As mentioned above, when Daniel Loeb’s fund Third Point took an activist position in Baxter International, Loeb pushed the company to give him two seats on the board and also installed a new CEO.
Less than two months after Third Point disclosed its stake in Baxter, the company agreed to appoint Third Point partner Munib Islam to its board. Another part of the agreement Baxter reached with Third Point essentially allowed Loeb to choose Baxter’s new CEO, José Almeida.
Under Loeb’s control Baxter saw a restructuring that included mass layoffs and plant closures. 1,400 jobs were cut in the end of 2015, just after Loeb’s acquisition of the company. Once Loeb’s handpicked CEO took over in January of 2016, even more layoffs followed. Baxter employed about 2,000 fewer employees by the end of Almeida’s first year according to the company’s annual filings with the Securities and Exchange Commission.
All of these layoffs of course only mean more profit for Loeb. Barron’s estimated that between mass layoffs and a new CEO, Baxter’s stock value could increase 40% over 4 years.
BILL Ackman executed his plan to take over Allergan in close partnership with the leadership of Valeant Pharmaceuticals, whose CEO was a friend of Bill Doyle, a Pershing Square advisor and longtime friend of Ackman’s.
During the merger, Ackman said he was on a call with people at Valeant “at 6:00 p.m. every night. I mean we really got to know each other.”
After the Valeant deal fell through, a major investment in Allergan by the notorious corporate raider Carl Icahn, usually cause for concern for a company’s board and executives, served as the ultimate stamp of approval for CEO Brent Saunders.
Under Saunders’ leadership Allergan’s stock had fallen 25% in the wake of the firm’s failed merger with Pfizer. When he announced his investment, Icahn also declared his support for Saunders, the former CEO of the Icahn investment Forest Labs.
Saunders became CEO of Allergan when it merged with Actavis, which had previously acquired Forest Labs.
Another short-term strategy that activist investors use to extract value from the companies they target is stock buybacks.
Buybacks raise the price of a stock by using corporate revenue to purchase outstanding shares from other shareholders. This tactic has been criticized because, while it creates wealth for a company’s shareholders, money used for buybacks could be recapitalized into building the company.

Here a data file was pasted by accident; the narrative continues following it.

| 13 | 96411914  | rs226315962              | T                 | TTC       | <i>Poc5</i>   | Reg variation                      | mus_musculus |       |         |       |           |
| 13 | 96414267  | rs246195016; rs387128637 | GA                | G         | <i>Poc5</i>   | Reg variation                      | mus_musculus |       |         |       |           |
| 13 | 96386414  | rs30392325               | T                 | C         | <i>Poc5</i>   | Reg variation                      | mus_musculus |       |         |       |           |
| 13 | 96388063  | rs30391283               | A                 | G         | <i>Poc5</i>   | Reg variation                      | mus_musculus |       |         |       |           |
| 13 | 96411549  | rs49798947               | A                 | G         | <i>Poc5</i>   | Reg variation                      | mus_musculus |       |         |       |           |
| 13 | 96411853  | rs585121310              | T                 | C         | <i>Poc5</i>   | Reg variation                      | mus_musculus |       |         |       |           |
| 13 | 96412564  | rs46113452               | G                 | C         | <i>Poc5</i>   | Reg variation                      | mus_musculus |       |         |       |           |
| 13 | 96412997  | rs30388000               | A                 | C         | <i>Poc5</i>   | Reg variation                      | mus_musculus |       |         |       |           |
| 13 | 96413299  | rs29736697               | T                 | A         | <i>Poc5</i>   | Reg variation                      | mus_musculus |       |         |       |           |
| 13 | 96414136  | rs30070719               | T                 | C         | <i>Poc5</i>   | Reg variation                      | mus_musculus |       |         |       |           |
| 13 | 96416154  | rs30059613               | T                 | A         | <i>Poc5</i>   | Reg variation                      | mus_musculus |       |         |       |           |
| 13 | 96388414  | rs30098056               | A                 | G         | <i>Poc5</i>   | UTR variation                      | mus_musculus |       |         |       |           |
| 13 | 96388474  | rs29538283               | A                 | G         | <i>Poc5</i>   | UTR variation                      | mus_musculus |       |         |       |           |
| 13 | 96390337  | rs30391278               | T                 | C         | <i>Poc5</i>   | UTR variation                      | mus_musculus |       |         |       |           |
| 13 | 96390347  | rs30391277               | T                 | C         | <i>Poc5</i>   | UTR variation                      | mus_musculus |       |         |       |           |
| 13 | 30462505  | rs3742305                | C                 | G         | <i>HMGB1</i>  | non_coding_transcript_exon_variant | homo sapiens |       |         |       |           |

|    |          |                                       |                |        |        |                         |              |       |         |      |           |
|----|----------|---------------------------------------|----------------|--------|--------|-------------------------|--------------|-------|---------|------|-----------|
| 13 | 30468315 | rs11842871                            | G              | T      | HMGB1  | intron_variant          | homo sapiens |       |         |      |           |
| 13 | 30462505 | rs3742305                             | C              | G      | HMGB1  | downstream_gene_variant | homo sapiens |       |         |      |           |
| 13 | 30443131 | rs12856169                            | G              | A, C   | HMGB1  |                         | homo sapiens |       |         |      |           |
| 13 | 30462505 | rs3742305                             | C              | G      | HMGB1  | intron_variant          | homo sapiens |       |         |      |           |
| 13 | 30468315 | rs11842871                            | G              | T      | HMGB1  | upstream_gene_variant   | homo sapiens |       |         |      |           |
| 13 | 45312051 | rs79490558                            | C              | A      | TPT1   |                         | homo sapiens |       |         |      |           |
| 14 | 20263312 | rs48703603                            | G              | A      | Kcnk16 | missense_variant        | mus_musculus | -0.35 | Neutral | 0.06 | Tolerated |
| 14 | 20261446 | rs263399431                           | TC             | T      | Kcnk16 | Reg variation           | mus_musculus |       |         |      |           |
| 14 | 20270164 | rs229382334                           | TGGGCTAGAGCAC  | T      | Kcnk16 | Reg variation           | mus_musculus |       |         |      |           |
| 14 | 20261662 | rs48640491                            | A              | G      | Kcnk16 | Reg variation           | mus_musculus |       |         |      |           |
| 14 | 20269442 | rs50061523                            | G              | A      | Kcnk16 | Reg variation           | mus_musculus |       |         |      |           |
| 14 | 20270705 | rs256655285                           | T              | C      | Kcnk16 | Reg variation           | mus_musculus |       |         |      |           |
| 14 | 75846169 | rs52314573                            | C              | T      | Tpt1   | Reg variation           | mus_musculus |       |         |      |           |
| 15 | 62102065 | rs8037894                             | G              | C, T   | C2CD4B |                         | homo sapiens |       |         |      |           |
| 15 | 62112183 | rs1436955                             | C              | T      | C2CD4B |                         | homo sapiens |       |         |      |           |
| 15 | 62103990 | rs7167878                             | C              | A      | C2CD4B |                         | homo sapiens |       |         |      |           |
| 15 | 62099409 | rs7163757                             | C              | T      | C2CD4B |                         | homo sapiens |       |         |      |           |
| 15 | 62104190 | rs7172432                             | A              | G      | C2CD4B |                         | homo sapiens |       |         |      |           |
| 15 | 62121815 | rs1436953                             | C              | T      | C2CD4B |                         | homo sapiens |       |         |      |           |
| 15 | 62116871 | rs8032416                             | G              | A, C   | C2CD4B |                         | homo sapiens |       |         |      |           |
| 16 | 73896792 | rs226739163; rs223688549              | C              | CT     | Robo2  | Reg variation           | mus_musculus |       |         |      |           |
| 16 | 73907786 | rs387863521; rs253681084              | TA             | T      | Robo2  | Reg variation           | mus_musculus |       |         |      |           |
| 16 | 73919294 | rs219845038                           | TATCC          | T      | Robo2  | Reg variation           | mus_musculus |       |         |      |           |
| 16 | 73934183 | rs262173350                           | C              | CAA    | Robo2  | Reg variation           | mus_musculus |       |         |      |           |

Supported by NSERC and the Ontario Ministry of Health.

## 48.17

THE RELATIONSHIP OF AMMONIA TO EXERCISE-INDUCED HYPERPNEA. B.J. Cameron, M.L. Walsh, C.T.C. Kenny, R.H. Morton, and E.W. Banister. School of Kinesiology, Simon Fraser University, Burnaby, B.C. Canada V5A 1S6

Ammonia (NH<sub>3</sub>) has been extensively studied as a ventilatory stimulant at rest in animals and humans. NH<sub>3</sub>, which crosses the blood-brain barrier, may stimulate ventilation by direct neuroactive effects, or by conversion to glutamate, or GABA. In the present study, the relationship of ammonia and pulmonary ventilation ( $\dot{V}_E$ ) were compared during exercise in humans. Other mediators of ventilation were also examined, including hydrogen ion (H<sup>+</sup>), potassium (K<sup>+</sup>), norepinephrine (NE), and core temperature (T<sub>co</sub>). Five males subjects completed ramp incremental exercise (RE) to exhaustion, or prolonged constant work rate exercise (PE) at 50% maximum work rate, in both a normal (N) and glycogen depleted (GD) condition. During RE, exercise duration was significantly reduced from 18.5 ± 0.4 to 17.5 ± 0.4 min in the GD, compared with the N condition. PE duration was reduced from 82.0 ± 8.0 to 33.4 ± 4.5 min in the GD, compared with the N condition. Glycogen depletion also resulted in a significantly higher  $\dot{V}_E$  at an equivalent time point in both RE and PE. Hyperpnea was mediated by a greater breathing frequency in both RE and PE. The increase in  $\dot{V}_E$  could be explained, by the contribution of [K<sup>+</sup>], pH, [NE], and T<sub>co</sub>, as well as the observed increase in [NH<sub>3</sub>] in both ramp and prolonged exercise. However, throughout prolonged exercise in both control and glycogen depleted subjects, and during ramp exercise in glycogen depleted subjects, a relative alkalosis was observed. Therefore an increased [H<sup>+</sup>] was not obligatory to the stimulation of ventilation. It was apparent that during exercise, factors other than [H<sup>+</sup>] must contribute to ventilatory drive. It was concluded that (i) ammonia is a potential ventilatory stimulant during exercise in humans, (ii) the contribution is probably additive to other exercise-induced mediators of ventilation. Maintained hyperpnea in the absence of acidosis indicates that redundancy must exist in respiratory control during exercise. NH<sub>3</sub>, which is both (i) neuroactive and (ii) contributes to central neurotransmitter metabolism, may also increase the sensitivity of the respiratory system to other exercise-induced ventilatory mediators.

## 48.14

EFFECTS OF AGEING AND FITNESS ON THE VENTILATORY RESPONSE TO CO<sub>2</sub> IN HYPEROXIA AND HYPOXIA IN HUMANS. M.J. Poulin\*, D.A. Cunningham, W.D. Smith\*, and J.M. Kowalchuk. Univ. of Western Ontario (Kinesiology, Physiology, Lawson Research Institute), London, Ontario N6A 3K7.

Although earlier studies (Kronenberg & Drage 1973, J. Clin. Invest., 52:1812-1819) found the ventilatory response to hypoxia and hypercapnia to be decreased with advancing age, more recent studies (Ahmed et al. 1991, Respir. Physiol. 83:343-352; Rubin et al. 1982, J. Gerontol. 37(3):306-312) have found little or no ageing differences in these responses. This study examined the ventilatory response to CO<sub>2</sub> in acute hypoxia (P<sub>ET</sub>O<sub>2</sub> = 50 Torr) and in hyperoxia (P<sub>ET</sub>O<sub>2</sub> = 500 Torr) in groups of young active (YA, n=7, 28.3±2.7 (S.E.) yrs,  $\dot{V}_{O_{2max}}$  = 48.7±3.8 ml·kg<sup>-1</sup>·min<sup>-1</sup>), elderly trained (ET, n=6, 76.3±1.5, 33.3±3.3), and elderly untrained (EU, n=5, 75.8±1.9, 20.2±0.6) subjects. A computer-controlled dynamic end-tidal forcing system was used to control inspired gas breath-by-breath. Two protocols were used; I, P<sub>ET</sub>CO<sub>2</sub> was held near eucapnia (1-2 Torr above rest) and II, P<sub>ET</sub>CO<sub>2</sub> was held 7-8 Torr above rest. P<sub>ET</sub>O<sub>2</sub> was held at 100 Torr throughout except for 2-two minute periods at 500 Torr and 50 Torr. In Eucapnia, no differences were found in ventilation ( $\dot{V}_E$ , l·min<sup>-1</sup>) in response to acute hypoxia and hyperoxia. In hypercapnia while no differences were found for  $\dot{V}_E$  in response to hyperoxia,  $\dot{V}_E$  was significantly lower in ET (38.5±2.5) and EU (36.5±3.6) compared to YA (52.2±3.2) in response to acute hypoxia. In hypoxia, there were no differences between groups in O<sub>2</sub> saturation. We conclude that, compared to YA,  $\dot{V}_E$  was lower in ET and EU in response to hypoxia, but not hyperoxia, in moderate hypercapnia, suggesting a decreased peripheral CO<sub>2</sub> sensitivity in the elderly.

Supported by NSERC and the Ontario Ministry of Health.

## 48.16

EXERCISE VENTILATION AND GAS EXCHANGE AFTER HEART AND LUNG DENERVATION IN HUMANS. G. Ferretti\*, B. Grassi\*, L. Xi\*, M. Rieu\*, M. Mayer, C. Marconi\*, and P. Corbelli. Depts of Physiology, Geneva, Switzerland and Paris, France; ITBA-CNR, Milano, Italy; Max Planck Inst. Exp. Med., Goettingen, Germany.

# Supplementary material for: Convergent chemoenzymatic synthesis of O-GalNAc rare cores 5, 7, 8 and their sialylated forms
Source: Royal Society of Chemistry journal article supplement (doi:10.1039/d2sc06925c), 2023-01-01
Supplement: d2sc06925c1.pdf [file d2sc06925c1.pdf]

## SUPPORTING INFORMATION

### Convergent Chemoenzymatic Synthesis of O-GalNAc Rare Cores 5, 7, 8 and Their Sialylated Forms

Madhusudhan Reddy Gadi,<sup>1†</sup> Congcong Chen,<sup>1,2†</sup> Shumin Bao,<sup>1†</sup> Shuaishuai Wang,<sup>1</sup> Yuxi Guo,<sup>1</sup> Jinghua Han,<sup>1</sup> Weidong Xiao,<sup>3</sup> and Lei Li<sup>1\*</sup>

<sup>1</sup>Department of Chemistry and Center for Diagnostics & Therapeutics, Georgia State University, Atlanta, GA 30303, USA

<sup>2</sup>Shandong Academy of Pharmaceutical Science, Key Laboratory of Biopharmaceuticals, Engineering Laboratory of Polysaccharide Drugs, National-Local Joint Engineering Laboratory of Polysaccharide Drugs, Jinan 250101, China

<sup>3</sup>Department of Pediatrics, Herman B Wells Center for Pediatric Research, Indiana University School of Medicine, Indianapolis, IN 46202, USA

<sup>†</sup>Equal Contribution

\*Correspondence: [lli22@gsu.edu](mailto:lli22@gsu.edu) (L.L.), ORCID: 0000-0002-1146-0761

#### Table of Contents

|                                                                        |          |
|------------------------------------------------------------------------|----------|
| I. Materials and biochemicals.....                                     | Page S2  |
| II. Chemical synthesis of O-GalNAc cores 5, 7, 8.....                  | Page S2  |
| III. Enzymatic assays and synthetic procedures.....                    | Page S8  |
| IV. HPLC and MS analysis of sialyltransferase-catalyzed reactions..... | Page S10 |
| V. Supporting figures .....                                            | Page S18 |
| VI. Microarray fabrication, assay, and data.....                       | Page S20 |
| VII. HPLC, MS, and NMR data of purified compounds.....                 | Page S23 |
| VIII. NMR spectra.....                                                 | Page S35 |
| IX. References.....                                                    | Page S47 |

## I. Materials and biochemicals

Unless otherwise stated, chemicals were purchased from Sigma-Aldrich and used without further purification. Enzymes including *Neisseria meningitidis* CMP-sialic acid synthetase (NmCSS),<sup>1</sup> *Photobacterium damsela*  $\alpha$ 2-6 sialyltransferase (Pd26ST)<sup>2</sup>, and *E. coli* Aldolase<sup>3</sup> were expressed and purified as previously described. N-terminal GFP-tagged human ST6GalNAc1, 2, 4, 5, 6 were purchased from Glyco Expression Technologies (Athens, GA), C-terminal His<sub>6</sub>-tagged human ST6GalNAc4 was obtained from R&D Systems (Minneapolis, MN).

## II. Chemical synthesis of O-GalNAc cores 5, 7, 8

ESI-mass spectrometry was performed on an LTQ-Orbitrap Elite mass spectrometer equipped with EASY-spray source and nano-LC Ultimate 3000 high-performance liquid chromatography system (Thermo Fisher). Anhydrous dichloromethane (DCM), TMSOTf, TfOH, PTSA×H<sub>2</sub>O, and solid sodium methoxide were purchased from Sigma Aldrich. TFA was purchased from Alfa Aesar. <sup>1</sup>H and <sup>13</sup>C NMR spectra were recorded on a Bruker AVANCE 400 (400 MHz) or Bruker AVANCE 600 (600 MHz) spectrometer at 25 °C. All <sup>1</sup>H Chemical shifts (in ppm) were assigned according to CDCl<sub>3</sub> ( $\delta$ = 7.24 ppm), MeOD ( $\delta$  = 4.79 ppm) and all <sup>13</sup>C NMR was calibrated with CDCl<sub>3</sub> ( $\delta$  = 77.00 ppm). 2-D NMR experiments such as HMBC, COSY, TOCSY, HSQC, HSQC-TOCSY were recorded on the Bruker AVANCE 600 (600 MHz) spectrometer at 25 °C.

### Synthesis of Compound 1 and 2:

In the case of pharmaceutical companies, buybacks have been criticized for coming at the expense of research and development, which is often cited by the industry as the primary driver of high drug prices.
In this way, stock buybacks actually contribute to the spike in drug prices witnessed in recent years.
A 2014 article in the Harvard Business Review drew attention to the issue of stock buybacks in the pharmaceutical industry, using Pfizer as an example. According to the article, “from 2003 through 2012, Pfizer funneled an amount equal to 71% of its profits into buybacks, and an amount equal to 75% of its profits into dividends,” belying the company’s claim that profits from high drug prices were primarily due to its research and development activities.
In 2016, Pfizer, which has been an acquisition target of hedge-fund backed firms, and Gilead, which has been a top pharmaceutical stock for hedge funds as detailed elsewhere in this report, were two of the 20 companies that bought back the most stock in 2016.
Another firm, Avadel Pharmaceuticals, which is backed by a number of hedge funds, including Deerfield Management, announced a stock buyback in March 2017 worth $25 million – 16% of the small company’s cash on hand.
Another way that hedge funds have exerted power over the pharmaceutical industry is through stock-shorting strategies.
Hedge funds have sought to invalidate drug patents using a 2011 law meant to curb the abuses of “patent trolls” in order to destroy the value of drug companies in which they have taken a short position, i.e. companies that the hedge funds are betting against.